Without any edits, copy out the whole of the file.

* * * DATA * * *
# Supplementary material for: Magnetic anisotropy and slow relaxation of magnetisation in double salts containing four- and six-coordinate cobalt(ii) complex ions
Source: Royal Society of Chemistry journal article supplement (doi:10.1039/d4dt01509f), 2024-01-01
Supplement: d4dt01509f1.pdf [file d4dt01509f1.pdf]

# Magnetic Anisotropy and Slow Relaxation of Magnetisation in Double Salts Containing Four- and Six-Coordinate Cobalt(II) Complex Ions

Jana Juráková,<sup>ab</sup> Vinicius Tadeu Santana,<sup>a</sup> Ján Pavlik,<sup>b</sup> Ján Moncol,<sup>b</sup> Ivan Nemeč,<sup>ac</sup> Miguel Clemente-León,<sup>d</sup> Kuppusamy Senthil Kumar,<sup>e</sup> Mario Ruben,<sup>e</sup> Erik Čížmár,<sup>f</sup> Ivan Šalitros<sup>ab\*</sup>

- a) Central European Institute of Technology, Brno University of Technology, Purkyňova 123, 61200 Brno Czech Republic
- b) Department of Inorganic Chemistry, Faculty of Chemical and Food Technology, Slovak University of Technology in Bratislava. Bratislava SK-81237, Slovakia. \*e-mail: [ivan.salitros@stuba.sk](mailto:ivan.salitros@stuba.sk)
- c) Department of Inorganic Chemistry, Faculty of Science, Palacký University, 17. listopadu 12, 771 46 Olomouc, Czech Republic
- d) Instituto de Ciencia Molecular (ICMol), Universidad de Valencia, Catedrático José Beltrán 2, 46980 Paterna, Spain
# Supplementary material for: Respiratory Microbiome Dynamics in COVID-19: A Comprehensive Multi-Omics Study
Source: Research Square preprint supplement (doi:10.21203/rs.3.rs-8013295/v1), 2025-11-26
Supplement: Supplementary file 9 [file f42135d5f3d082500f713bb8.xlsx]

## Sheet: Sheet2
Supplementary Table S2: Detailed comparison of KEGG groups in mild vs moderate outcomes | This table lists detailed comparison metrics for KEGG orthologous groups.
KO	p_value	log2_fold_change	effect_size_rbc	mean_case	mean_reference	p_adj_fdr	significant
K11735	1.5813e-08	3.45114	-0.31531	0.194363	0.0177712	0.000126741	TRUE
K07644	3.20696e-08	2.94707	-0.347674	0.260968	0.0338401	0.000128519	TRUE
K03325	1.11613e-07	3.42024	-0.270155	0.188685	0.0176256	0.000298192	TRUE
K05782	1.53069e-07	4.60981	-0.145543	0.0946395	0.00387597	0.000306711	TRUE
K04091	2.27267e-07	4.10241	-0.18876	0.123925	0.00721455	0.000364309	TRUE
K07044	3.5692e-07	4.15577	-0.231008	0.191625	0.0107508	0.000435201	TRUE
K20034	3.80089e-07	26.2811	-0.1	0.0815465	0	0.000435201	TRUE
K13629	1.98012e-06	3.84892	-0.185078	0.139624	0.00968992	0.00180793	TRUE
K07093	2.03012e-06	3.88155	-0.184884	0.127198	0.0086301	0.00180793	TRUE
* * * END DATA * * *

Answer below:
# Supplementary material for: Magnetic anisotropy and slow relaxation of magnetisation in double salts containing four- and six-coordinate cobalt(ii) complex ions
Source: Royal Society of Chemistry journal article supplement (doi:10.1039/d4dt01509f), 2024-01-01
Supplement: d4dt01509f1.pdf [file d4dt01509f1.pdf]

# Magnetic Anisotropy and Slow Relaxation of Magnetisation in Double Salts Containing Four- and Six-Coordinate Cobalt(II) Complex Ions

Jana Juráková,<sup>ab</sup> Vinicius Tadeu Santana,<sup>a</sup> Ján Pavlik,<sup>b</sup> Ján Moncol,<sup>b</sup> Ivan Nemeč,<sup>ac</sup> Miguel Clemente-León,<sup>d</sup> Kuppusamy Senthil Kumar,<sup>e</sup> Mario Ruben,<sup>e</sup> Erik Čížmár,<sup>f</sup> Ivan Šalitros<sup>ab\*</sup>

- a) Central European Institute of Technology, Brno University of Technology, Purkyňova 123, 61200 Brno Czech Republic
- b) Department of Inorganic Chemistry, Faculty of Chemical and Food Technology, Slovak University of Technology in Bratislava. Bratislava SK-81237, Slovakia. \*e-mail: [ivan.salitros@stuba.sk](mailto:ivan.salitros@stuba.sk)
- c) Department of Inorganic Chemistry, Faculty of Science, Palacký University, 17. listopadu 12, 771 46 Olomouc, Czech Republic
- d) Instituto de Ciencia Molecular (ICMol), Universidad de Valencia, Catedrático José Beltrán 2, 46980 Paterna, Spain
# Supplementary material for: Respiratory Microbiome Dynamics in COVID-19: A Comprehensive Multi-Omics Study
Source: Research Square preprint supplement (doi:10.21203/rs.3.rs-8013295/v1), 2025-11-26
Supplement: Supplementary file 9 [file f42135d5f3d082500f713bb8.xlsx]

## Sheet: Sheet2
Supplementary Table S2: Detailed comparison of KEGG groups in mild vs moderate outcomes | This table lists detailed comparison metrics for KEGG orthologous groups.
KO	p_value	log2_fold_change	effect_size_rbc	mean_case	mean_reference	p_adj_fdr	significant
K11735	1.5813e-08	3.45114	-0.31531	0.194363	0.0177712	0.000126741	TRUE
K07644	3.20696e-08	2.94707	-0.347674	0.260968	0.0338401	0.000128519	TRUE
K03325	1.11613e-07	3.42024	-0.270155	0.188685	0.0176256	0.000298192	TRUE
K05782	1.53069e-07	4.60981	-0.145543	0.0946395	0.00387597	0.000306711	TRUE
K04091	2.27267e-07	4.10241	-0.18876	0.123925	0.00721455	0.000364309	TRUE
K07044	3.5692e-07	4.15577	-0.231008	0.191625	0.0107508	0.000435201	TRUE
K20034	3.80089e-07	26.2811	-0.1	0.0815465	0	0.000435201	TRUE
K13629	1.98012e-06	3.84892	-0.185078	0.139624	0.00968992	0.00180793	TRUE
K07093	2.03012e-06	3.88155	-0.184884	0.127198	0.0086301	0.00180793	TRUE